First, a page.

Mdx hearts already show morphological signs of cardiomyopathy in the pre-fibrotic phase with preserved fractional shortening ‘in vivo

In vivo echocardiography sequences of beating hearts in M-mode were obtained from three conscious wt and four mdx mice. Quantification of ventricular wall diameters already showed significantly increased thickness of the posterior wall (wt: 0.57 ± 0.02 mm, mdx: 0.87 ± 0.05 mm; P < 0.01) and septum (wt: 0.75 ± 0.05 mm, mdx: 1.09 ± 0.10 mm; P < 0.05) and an increased left ventricular end-diastolic diameter (wt: 2.39 ± 0.03 mm, mdx: 2.56 ± 0.05 mm; P < 0.05) in mdx (n =4) over wt (n = 3) mice. However, at this stage of the disease, fractional shortening of the hearts was not yet compromised (wt: 0.19 ± 0.1, mdx: 0.17 ± 0.02 mm; P = 0.59).


In dystrophic cardiomyopathy, it is still not known which cellular events precede the morphological hypertrophic/dilative changes and to which extent force output is compromised at early stages before the fibrotic onset. Intracellular Ca2+ overload has been linked to amplified positive feedback loops between mitochondrial dysfunction, ROS production and cell death that could explain the progressive ongoing fibrotic remodelling during ageing [18]. Contractile recordings during interposed beats from a basal 1 Hz stimulation (force-interval curves) showed that force amplitudes were markedly depressed in atrial preparations from young mdx mice (10–14 weeks) [9]. In papillary-like muscles from 8 weeks old mdx mice, force-frequency relations were markedly reduced compared with wt muscles stimulated between 4 and 12 Hz [8]. However, none of those studies provided a mechanistic explanation. Altered Ca2+ homeostasis may be a strong candidate, however, other parameters on the molecular level of the contractile filaments also need to be considered. There are a couple of studies at hand that addressed Ca2+ transients, resting myoplasmic Ca2+ levels or Ca2+ sparks under various conditions [2, 7, 19]. However, none of these studies simultaneously caught up on Ca2+ regulation in papillary muscle where mdx force recordings were obtained or, alternatively, simultaneously assessed force in cases where Ca2+ was monitored in single cardiomyocytes. Our study is the first to simultaneously report force and Ca2+ recordings in the same papillary muscle preparation from young mdx mice in the early pre-fibrotic phase.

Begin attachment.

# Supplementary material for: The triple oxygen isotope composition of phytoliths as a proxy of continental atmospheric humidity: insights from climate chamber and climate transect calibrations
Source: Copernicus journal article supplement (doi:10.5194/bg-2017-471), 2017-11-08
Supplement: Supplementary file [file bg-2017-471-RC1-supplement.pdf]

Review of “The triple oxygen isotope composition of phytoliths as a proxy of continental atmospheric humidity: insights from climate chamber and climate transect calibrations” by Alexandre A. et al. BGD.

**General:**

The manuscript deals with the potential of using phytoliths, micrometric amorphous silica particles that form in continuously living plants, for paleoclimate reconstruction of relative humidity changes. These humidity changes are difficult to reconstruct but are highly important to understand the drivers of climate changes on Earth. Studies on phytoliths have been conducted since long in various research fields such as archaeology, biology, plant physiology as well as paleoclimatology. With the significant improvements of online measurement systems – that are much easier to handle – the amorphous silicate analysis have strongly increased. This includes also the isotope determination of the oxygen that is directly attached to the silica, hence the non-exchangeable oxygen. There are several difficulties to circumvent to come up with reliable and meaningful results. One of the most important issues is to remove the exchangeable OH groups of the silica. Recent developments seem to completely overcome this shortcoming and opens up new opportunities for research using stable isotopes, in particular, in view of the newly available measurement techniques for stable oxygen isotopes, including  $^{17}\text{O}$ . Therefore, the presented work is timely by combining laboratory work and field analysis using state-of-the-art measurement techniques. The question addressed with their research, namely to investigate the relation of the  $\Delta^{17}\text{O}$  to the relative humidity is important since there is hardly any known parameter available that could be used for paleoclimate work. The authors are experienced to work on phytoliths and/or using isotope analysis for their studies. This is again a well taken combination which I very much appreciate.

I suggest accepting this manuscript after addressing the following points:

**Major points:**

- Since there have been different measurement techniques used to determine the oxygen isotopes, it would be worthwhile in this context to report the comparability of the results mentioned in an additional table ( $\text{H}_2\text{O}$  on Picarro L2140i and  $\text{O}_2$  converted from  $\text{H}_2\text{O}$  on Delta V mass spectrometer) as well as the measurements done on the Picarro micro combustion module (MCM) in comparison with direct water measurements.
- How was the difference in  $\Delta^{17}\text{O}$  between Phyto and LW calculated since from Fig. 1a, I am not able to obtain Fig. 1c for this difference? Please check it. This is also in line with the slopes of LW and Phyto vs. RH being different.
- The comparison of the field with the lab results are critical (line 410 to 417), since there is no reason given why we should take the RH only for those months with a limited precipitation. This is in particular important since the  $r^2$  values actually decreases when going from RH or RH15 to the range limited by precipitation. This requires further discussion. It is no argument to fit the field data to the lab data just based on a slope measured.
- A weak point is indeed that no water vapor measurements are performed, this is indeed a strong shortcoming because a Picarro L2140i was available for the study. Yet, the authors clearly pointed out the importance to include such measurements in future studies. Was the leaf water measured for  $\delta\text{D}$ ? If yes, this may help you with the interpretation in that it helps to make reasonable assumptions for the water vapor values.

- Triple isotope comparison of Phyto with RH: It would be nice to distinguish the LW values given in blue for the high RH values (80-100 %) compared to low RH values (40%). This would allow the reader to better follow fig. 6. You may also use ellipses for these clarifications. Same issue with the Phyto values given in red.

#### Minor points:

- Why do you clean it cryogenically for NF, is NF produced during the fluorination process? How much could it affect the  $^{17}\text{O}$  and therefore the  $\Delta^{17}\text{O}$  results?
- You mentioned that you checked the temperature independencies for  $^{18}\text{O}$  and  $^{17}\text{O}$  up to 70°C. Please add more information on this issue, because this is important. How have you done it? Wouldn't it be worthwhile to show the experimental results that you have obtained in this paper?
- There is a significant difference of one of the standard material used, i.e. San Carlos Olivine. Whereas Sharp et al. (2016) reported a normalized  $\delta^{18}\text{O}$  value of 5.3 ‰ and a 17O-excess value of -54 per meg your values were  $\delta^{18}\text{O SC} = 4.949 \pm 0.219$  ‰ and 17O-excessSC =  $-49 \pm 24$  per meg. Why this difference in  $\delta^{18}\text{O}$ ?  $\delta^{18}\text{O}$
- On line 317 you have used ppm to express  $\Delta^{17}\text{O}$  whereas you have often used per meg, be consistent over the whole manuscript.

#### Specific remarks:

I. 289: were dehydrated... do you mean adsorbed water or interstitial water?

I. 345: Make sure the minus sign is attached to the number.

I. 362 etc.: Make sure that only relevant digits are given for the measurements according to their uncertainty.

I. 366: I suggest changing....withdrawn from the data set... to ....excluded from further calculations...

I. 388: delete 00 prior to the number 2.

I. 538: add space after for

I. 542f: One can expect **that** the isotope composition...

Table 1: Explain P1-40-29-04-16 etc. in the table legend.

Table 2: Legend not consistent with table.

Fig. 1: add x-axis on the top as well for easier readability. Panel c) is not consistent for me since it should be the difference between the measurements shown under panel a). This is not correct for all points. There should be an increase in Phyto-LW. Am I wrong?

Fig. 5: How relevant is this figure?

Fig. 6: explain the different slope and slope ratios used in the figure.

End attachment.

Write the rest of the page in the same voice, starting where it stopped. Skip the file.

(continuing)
Force-Ca2+ transients in papillary muscles from young mdx mice